Well, they mean well. Like the “boycott coffee” people meant to help the farmers in the 1980s. This demands fair trade. As a former Peace Corps volunteer, former state ewaste regulator, and current electronics recycler, it pains me to see big accounts (like the whole state of California, and now Dell) try to “one-up” the EPA, Basel Convention, United Nations, etc. by bandwagoning their anti-reuse policy. It’s like obsolescence in hindsight. Every major institution which has looked at this had ruled that export for reuse and repair is legal, ethical, sustainable, and beneficial. The problem is the junk mixed in by companies who don’t screen the loads.
What pays for $5000+ transport fees overseas? The good repairable and working stuff in the container. That value is also what is most likely to pay for a living wage and environmental health and safety. The problem isn't "export", its that exporters who care about nothing but price. Here’s a short video which explains WR3A.org’s approach.
When t-shirts are imported, or coffee, or other manufactured goods, and we care about nothing but price, that creates sweat shops. But the idea of growing coffee here in the USA is not gonna work, and t-shirt manufacturing probably won't either. The Fair Trade concept was created to make a healthy competition between overseas business partners - we'll buy more coffee from you, or increase prices, if you pay your workers better, provide health care, etc. It is cheaper to make life better in a poor country than to cut the poor country off, do the work here, and then send international aid packages.
The real irony?
The monitor refurbisher (ISO14001, described in previous blog and focus at the end of our video) is located in the same part of Malaysia that Dell manufacturing is located. Dell and other computer makers learned to sub out assembly of computer monitors there more than a decade ago. "Electronic Contract Manufacturing", or outsourcing of assembly and "non-core competencies" is credited to IBM in 1981. "Manufacturer Take-back" for TVs and monitors is a difficult idea because the assembly of those has not been with the brand company for decades.
It was done by companies which are now refurbishing. So Dell (in this case) is saying that the company in Malaysia can assemble or manufacture the monitor, but cannot disassemble it, or repair it. When the outsourcing was questioned in the late 80s, OEMs defended it as bringing good jobs to low wage countries. Now the factories are already built, and want to "take back" the monitors. First they were told to get permits, so they did. Then they were told to show end market audits, which they did. Then they were told to get ISO14001, and to recycle incidental breakage. Now BAN and Greenpeace and SVTC seem to applaud cutting them off at the knees.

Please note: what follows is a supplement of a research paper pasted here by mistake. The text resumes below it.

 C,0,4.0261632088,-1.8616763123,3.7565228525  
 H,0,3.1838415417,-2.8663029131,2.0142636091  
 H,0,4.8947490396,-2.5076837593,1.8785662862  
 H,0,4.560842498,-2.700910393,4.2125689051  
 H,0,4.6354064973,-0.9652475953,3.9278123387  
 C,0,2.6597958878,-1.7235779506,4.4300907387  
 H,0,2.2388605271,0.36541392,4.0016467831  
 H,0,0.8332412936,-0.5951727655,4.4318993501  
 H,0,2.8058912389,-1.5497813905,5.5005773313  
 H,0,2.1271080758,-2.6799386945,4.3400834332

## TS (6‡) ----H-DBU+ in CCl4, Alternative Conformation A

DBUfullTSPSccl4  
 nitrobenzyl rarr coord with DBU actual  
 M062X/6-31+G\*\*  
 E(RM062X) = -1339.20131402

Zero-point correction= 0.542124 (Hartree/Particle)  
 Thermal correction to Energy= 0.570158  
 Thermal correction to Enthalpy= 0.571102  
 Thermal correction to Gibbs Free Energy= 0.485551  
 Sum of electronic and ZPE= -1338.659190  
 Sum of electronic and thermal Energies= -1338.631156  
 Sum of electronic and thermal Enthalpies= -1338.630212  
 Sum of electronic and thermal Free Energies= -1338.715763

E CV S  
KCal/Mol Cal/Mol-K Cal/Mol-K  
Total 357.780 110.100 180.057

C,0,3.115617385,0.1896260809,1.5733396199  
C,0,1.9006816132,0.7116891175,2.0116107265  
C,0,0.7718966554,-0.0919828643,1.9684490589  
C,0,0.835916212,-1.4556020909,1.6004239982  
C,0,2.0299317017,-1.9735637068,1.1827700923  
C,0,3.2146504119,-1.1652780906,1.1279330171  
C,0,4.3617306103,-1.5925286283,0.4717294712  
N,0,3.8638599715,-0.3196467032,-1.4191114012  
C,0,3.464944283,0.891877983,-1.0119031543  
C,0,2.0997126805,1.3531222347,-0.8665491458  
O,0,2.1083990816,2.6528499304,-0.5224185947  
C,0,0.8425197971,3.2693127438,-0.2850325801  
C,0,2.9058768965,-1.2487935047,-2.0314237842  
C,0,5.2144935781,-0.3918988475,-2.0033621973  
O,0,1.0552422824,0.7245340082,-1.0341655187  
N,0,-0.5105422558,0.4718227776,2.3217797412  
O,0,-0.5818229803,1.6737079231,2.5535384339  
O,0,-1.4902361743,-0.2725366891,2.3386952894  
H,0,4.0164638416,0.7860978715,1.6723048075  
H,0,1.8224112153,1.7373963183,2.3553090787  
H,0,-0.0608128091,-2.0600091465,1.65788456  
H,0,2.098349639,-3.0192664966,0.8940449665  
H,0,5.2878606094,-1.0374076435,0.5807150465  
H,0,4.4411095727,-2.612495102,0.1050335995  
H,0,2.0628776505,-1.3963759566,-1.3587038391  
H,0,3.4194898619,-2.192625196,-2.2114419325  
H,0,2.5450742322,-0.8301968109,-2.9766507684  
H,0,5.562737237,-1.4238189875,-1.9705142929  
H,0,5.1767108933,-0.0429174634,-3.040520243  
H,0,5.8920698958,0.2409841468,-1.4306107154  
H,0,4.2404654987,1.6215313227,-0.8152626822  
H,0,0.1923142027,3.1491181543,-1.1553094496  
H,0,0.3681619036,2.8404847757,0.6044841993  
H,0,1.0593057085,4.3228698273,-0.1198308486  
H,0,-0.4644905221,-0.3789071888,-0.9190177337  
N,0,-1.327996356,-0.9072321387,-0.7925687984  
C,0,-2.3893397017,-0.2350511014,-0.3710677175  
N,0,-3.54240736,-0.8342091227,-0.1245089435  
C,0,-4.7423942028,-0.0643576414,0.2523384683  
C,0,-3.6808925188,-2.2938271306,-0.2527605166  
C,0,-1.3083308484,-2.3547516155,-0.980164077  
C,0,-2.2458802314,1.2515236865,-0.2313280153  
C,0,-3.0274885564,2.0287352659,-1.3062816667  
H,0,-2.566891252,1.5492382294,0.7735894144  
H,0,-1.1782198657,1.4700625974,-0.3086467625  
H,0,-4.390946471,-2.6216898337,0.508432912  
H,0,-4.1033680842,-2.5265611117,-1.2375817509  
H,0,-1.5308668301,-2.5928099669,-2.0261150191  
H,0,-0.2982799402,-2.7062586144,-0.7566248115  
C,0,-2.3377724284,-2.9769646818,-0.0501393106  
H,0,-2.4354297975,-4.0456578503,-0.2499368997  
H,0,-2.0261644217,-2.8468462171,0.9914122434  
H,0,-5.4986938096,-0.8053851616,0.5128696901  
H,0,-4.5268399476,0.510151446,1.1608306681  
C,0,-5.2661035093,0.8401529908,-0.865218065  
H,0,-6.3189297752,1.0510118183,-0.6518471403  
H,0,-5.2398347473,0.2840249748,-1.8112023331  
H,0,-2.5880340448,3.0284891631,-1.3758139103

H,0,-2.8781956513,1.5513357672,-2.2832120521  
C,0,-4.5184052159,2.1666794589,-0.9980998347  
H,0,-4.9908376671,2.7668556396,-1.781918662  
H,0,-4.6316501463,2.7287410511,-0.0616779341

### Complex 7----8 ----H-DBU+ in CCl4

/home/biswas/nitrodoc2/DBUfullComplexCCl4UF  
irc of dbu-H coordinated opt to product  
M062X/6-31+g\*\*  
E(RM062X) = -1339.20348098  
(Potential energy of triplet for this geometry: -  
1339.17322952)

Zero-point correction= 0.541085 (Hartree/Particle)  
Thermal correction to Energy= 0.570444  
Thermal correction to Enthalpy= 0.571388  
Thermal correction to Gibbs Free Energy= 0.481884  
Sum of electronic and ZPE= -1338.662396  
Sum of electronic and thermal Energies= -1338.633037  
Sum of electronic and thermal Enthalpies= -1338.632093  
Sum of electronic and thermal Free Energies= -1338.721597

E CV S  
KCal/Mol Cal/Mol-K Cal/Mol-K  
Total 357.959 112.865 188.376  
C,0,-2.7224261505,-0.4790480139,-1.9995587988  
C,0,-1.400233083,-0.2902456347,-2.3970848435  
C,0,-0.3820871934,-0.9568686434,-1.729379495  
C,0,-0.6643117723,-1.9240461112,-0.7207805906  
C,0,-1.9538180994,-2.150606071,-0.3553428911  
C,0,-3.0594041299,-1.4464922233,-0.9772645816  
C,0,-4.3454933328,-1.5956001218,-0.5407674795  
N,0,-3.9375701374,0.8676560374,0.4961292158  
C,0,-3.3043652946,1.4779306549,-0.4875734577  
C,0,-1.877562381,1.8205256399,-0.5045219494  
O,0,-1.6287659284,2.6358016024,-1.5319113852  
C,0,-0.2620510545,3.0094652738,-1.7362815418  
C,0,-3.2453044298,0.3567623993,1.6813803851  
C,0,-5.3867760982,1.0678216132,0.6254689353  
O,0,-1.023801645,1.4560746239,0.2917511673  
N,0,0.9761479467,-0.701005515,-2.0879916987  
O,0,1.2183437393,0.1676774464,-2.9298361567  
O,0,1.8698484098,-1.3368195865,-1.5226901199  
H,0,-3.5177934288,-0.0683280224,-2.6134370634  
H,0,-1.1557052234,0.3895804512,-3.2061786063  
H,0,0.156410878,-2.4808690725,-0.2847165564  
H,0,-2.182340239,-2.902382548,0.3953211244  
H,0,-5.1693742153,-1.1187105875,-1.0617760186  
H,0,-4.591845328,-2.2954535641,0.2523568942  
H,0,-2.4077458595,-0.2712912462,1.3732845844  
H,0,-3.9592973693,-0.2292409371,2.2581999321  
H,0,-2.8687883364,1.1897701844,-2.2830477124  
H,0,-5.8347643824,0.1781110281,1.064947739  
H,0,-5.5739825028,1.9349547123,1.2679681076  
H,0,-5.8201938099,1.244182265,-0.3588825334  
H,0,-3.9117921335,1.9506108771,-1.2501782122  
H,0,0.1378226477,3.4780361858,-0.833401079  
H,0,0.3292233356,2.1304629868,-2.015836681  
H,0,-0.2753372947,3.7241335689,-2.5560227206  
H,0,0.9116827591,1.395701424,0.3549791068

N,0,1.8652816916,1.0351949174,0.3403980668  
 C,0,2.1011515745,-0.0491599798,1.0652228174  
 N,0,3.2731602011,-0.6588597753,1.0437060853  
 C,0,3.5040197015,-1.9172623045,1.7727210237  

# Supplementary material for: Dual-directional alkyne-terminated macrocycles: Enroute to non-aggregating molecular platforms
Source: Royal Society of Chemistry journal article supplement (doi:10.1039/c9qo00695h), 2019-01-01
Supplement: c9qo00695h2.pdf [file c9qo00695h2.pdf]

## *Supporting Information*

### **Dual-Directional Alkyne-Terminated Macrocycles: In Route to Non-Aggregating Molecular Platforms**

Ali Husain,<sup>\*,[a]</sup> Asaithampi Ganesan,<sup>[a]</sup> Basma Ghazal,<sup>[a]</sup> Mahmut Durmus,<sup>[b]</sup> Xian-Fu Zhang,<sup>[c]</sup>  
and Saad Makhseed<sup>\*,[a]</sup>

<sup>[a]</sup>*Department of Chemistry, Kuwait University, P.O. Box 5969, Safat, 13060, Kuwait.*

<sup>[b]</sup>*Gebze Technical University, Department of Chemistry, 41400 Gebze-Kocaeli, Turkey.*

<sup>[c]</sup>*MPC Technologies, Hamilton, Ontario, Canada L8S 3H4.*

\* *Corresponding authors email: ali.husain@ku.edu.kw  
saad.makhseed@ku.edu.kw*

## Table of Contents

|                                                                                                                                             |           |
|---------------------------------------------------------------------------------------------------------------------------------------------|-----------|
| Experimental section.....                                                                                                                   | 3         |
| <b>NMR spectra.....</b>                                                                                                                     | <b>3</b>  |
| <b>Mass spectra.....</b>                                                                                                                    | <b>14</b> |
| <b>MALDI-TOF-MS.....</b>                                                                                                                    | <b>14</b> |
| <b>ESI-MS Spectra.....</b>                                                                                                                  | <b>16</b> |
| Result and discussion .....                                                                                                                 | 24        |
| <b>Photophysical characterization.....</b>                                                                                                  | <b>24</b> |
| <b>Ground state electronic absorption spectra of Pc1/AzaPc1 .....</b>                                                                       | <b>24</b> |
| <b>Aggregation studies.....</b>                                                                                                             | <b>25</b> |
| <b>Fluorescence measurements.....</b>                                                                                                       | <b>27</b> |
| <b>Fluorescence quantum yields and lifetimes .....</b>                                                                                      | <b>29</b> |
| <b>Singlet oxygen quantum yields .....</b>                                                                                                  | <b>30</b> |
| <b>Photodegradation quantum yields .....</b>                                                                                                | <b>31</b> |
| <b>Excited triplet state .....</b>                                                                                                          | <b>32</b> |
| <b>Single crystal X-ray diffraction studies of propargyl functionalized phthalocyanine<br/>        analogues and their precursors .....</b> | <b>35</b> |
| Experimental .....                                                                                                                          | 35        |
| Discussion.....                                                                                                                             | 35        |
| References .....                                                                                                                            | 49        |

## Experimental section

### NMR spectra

Dell likes our idea of moving the Malaysia operation to Mexico (an OECD country). Here is a recent NPR story on an individual in the “nameless faceless” international recycling community, one of "Las Chicas Bravas" of Retroworks de Mexico. Can’t we improve Ms. Vicki’s life more by trading with her women’s recycling coop, rewarding them for improving work conditions, and sending them some good stuff? Do we really want to send her back to the copper mine?
Wouldn't Dell be a perfect partner for Ms. Vicki? Or her counterparts in Malaysia, who used to manufacture CRT monitors for Dell and now rebuild them? But the fear now is, if we invest all that energy in Mexico, as we did in Malaysia, will it be in time? And if we do it, as we did in Mexico, what is to keep the next Bandwagon from saying "No Exports" to Mexico, just as they now say "No Exports" to the factories where the monitors were made?
Break it unless it is under warranty? The only places that are set up to do that have ZERO monitor repair. So this is a game, "our policy is to reuse, but we only allow monitors to be processed by companies with zero repair on-site". It is so depressing to see so much positive coverage when EPA, United Nations, and the Basel Convention group all REJECTED this policy in international discussions.
Fair Trade Recycling Video